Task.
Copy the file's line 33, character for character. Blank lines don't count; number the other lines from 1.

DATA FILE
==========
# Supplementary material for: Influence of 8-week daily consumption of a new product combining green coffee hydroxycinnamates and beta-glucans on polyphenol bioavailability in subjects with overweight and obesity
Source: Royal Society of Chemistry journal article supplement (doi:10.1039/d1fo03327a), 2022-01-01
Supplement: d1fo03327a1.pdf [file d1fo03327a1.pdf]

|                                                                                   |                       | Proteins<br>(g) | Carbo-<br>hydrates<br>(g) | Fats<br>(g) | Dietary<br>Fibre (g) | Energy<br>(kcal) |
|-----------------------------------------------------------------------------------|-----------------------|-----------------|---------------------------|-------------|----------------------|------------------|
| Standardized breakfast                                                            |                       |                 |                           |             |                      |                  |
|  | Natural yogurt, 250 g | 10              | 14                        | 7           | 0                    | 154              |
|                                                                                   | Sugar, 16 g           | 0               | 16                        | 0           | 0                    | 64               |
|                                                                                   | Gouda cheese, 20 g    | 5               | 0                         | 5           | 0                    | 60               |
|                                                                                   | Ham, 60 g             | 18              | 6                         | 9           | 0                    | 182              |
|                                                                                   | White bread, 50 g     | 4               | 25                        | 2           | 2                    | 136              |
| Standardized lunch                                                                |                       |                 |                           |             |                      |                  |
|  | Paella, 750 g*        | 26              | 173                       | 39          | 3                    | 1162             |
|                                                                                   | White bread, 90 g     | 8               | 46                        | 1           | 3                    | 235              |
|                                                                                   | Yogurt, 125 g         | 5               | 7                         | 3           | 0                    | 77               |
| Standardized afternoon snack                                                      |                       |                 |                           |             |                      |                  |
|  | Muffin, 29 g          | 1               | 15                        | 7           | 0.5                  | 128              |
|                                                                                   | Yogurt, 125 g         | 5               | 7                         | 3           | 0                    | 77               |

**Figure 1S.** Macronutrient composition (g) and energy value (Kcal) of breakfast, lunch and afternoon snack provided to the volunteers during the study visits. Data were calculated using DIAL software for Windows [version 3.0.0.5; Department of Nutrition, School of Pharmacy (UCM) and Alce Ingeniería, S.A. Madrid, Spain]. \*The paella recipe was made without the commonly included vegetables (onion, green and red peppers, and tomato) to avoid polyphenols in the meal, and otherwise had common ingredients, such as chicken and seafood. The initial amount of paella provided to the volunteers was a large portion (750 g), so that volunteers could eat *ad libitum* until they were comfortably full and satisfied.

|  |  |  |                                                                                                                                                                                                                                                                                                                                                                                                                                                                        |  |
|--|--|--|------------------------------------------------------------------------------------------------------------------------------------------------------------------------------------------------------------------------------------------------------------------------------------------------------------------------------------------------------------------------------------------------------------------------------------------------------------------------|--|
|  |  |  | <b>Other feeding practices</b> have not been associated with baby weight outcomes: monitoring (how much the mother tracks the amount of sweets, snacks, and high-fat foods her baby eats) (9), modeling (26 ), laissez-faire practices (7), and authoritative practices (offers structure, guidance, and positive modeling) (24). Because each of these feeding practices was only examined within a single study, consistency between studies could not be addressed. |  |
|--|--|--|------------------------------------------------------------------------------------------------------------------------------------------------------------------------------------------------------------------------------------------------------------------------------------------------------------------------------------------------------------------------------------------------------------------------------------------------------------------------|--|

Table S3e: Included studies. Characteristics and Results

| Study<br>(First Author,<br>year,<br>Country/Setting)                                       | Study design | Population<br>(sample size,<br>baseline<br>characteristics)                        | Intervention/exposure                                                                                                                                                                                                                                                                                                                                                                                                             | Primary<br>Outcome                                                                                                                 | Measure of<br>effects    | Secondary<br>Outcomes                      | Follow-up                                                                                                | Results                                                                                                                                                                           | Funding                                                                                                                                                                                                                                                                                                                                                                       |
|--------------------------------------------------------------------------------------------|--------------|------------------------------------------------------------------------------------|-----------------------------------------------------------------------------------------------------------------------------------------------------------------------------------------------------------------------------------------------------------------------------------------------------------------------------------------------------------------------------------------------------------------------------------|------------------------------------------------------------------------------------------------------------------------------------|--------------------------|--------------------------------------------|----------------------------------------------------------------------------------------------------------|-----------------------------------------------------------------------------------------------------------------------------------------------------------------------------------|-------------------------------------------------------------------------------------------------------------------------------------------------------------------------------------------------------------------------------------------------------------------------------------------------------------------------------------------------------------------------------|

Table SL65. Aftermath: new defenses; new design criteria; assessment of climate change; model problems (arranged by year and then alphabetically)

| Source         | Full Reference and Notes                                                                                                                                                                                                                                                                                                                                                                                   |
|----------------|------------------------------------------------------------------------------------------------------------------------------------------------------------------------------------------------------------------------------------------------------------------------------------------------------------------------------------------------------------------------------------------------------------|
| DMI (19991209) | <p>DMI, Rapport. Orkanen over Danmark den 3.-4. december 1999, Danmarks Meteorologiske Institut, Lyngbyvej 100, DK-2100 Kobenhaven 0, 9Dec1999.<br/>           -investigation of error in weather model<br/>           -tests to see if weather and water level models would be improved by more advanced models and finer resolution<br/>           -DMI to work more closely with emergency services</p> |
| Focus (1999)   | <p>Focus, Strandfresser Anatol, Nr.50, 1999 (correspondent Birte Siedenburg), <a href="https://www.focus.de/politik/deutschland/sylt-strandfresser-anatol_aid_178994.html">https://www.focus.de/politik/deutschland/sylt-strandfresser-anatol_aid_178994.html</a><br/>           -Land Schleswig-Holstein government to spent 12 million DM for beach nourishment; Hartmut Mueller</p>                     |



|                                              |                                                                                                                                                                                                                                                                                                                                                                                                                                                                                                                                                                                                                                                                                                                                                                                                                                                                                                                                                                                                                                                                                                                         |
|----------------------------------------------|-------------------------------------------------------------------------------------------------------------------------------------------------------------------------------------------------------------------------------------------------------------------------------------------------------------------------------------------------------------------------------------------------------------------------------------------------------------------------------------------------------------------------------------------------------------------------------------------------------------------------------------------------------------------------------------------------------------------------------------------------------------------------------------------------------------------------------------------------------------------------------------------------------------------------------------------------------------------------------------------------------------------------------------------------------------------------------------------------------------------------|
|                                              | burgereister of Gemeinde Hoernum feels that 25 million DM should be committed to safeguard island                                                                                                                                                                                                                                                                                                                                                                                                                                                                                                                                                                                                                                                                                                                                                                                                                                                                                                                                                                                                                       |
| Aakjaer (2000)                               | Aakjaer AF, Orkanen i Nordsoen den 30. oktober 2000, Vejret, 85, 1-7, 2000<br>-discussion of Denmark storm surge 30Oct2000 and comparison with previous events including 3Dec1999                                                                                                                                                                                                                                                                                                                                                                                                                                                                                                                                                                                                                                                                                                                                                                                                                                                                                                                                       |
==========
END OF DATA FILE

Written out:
|----------------------------------------------|-------------------------------------------------------------------------------------------------------------------------------------------------------------------------------------------------------------------------------------------------------------------------------------------------------------------------------------------------------------------------------------------------------------------------------------------------------------------------------------------------------------------------------------------------------------------------------------------------------------------------------------------------------------------------------------------------------------------------------------------------------------------------------------------------------------------------------------------------------------------------------------------------------------------------------------------------------------------------------------------------------------------------------------------------------------------------------------------------------------------------|